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Every Halloween, Americans spend millions on scary fun. From haunted houses to horror movies, teens as well as adults seem to crave a good spine-chilling scare.

"People go to horror films because they want to be frightened, or they wouldn't do it twice," said Jeffrey Goldstein, editor of "Why We Watch: The Attractions of Violent Entertainment" (Oxford University Press, 1998) and professor of social and organizational psychology at the University of Utrecht in the Netherlands.

"You choose your entertainment because you want it to affect you. That's certainly true of people who go to entertainment products like horror films that have big effects. They want those effects," Goldstein told LiveScience, a sister site of Life's Little Mysteries.

Sinister, but safe, thrills

People enjoy feeling scared and seek the feeling out because, deep down, they know they are in no real danger, according to David Rudd, dean of the College of Social and Behavioral Science at the University of Utah.

They understand the real risk of these activities is marginal, and because of this underlying awareness, they experience excitement rather than actual fear, Rudd explained. This is why people enjoy going on terrifying amusement park rides and walking through a Halloween-themed haunted house.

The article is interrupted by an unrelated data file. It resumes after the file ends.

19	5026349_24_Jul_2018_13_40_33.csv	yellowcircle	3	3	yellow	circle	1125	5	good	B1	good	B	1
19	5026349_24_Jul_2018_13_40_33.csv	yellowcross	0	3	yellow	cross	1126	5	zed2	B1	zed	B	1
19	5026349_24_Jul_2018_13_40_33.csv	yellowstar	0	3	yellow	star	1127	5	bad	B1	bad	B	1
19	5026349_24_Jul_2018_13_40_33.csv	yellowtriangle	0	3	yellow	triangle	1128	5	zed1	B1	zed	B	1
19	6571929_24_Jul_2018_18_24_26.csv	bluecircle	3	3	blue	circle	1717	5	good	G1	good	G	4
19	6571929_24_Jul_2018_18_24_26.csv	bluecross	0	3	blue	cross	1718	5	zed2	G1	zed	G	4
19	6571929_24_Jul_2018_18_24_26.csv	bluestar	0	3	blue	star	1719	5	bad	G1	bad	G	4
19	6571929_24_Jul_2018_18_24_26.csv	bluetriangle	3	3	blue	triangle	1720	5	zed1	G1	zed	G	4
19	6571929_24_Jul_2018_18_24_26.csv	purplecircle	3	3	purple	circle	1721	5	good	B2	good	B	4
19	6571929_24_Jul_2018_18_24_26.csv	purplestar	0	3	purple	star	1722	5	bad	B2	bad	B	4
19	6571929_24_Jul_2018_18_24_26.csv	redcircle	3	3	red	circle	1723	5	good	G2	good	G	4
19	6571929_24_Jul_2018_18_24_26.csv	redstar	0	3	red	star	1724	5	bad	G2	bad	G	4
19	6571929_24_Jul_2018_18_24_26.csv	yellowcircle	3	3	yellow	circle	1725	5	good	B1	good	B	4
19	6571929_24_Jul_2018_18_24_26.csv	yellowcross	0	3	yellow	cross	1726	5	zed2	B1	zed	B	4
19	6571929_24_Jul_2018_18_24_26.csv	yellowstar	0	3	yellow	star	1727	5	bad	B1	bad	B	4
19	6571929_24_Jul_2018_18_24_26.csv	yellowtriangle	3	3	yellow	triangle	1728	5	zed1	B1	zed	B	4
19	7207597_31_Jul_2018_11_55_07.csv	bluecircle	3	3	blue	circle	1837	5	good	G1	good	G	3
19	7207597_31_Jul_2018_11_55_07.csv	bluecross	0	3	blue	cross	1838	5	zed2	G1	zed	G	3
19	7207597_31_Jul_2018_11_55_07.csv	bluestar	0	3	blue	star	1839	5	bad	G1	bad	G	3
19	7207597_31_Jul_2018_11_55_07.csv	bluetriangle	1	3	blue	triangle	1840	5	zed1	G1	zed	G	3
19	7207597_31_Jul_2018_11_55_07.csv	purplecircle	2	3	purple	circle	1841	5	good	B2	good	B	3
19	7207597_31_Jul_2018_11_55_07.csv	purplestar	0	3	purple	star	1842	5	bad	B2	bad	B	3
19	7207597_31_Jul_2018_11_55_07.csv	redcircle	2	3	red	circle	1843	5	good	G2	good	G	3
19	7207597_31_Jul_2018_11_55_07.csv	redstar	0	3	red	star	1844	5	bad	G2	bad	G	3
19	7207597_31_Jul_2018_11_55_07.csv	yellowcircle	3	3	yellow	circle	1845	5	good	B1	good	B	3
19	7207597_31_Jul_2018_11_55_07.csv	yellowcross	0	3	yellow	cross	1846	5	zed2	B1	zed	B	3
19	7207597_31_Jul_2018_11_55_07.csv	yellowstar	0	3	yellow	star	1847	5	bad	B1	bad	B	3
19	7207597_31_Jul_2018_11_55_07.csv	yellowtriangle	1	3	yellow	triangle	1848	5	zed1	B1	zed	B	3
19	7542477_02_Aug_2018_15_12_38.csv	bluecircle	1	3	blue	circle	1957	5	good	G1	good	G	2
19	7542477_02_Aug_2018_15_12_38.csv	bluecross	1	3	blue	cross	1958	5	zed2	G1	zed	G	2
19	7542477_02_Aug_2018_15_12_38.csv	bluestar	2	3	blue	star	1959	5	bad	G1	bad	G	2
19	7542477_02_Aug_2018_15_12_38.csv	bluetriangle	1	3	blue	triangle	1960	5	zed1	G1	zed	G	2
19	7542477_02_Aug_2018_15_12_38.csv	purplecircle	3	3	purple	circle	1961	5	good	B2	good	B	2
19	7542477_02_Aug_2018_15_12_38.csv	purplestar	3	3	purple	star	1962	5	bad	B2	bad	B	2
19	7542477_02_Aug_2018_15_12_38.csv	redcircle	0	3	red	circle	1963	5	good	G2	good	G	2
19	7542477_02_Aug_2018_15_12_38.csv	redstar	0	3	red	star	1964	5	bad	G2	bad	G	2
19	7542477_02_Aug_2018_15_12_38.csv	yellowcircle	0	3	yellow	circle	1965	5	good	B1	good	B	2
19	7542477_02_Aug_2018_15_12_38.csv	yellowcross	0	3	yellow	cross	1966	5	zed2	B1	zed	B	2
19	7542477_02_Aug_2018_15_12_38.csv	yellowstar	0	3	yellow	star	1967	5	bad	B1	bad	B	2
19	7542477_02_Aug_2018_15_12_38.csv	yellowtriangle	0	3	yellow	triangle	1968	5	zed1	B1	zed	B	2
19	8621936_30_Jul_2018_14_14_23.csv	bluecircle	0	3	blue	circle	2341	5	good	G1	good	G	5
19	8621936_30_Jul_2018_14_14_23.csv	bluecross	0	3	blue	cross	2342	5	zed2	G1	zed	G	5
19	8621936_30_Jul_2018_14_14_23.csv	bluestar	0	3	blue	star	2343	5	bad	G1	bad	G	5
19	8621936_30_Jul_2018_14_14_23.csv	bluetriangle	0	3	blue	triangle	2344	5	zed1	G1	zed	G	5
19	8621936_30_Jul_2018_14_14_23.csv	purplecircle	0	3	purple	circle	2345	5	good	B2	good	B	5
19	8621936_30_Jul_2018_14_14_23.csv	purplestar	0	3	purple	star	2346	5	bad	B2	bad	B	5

Most adults and teenagers are able to realistically gauge the actual level of threat that scary stimuli pose to them, and, correspondingly, their safety level. For example, watching a horror movie poses no physical threat, with the minor psychological threat being that they might have nightmares as a result of seeing it. Therefore, most viewers feel safe watching such a film, and are excited by it, not truly afraid.

Terror tolerance scale

However, some adults and most young children are unable to correctly gauge a threat, perceiving it to be higher than it is.

"The experience of 'real' fear is when the appraisal of threat is greater than safety," Rudd told Life's Little Mysteries. "People that are afraid of flying appraise the threat of a crash in an unrealistic and disproportionate fashion, since it's actually safer than driving. As a result of the faulty appraisal, they experience fear."

This is why children become scared so much more easily than adults. Having less experience at gauging the safety of the spooky things they see, from a gory monster costume to a talking skeleton lawn decoration. A young child may perceive harmless Halloween fun as a serious threat to his or her safety, and become truly afraid.

"Adults have habituated to risk over time and are far better at appraisal," Rudd said. "Adults know it's just a movie; kids can forget that fact. It's really all about appraisal of risk — adults are much better than children. It's something we learn over time, its part of what we refer to as maturity."

This article was provided by Life's Little Mysteries, a sister site to LiveScience.